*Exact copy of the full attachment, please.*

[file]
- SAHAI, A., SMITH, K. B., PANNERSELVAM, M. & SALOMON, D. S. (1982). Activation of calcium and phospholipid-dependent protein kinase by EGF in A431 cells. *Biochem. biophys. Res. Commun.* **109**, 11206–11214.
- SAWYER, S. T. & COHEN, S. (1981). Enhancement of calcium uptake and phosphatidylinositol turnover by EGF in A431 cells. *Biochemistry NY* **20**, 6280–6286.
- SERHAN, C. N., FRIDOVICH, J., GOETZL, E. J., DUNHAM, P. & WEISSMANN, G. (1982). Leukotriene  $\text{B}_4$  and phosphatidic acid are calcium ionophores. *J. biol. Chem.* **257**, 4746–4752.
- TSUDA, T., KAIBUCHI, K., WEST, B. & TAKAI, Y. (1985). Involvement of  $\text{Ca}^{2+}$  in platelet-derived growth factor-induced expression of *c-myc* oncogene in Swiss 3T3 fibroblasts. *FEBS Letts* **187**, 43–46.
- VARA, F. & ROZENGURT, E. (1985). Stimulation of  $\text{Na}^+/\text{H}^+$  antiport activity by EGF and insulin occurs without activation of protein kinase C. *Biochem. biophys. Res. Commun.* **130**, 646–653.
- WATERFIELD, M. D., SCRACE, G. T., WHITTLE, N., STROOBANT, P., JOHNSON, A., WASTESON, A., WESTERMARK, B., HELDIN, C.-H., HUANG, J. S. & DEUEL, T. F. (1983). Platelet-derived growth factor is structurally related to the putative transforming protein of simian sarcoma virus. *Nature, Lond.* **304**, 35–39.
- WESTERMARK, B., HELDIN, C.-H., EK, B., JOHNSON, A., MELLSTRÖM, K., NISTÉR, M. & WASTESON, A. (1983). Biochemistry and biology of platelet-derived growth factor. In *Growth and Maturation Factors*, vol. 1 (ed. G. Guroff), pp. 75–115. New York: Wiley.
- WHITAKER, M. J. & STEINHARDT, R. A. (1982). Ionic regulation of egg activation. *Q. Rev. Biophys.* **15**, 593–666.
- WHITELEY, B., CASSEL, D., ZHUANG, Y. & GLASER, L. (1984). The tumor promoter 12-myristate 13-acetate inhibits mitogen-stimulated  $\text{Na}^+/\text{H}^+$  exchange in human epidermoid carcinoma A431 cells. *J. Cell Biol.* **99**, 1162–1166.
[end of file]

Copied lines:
- SAHAI, A., SMITH, K. B., PANNERSELVAM, M. & SALOMON, D. S. (1982). Activation of calcium and phospholipid-dependent protein kinase by EGF in A431 cells. *Biochem. biophys. Res. Commun.* **109**, 11206–11214.
- SAWYER, S. T. & COHEN, S. (1981). Enhancement of calcium uptake and phosphatidylinositol turnover by EGF in A431 cells. *Biochemistry NY* **20**, 6280–6286.
- SERHAN, C. N., FRIDOVICH, J., GOETZL, E. J., DUNHAM, P. & WEISSMANN, G. (1982). Leukotriene  $\text{B}_4$  and phosphatidic acid are calcium ionophores. *J. biol. Chem.* **257**, 4746–4752.
- TSUDA, T., KAIBUCHI, K., WEST, B. & TAKAI, Y. (1985). Involvement of  $\text{Ca}^{2+}$  in platelet-derived growth factor-induced expression of *c-myc* oncogene in Swiss 3T3 fibroblasts. *FEBS Letts* **187**, 43–46.
- VARA, F. & ROZENGURT, E. (1985). Stimulation of  $\text{Na}^+/\text{H}^+$  antiport activity by EGF and insulin occurs without activation of protein kinase C. *Biochem. biophys. Res. Commun.* **130**, 646–653.
- WATERFIELD, M. D., SCRACE, G. T., WHITTLE, N., STROOBANT, P., JOHNSON, A., WASTESON, A., WESTERMARK, B., HELDIN, C.-H., HUANG, J. S. & DEUEL, T. F. (1983). Platelet-derived growth factor is structurally related to the putative transforming protein of simian sarcoma virus. *Nature, Lond.* **304**, 35–39.
- WESTERMARK, B., HELDIN, C.-H., EK, B., JOHNSON, A., MELLSTRÖM, K., NISTÉR, M. & WASTESON, A. (1983). Biochemistry and biology of platelet-derived growth factor. In *Growth and Maturation Factors*, vol. 1 (ed. G. Guroff), pp. 75–115. New York: Wiley.
- WHITAKER, M. J. & STEINHARDT, R. A. (1982). Ionic regulation of egg activation. *Q. Rev. Biophys.* **15**, 593–666.
- WHITELEY, B., CASSEL, D., ZHUANG, Y. & GLASER, L. (1984). The tumor promoter 12-myristate 13-acetate inhibits mitogen-stimulated  $\text{Na}^+/\text{H}^+$  exchange in human epidermoid carcinoma A431 cells. *J. Cell Biol.* **99**, 1162–1166.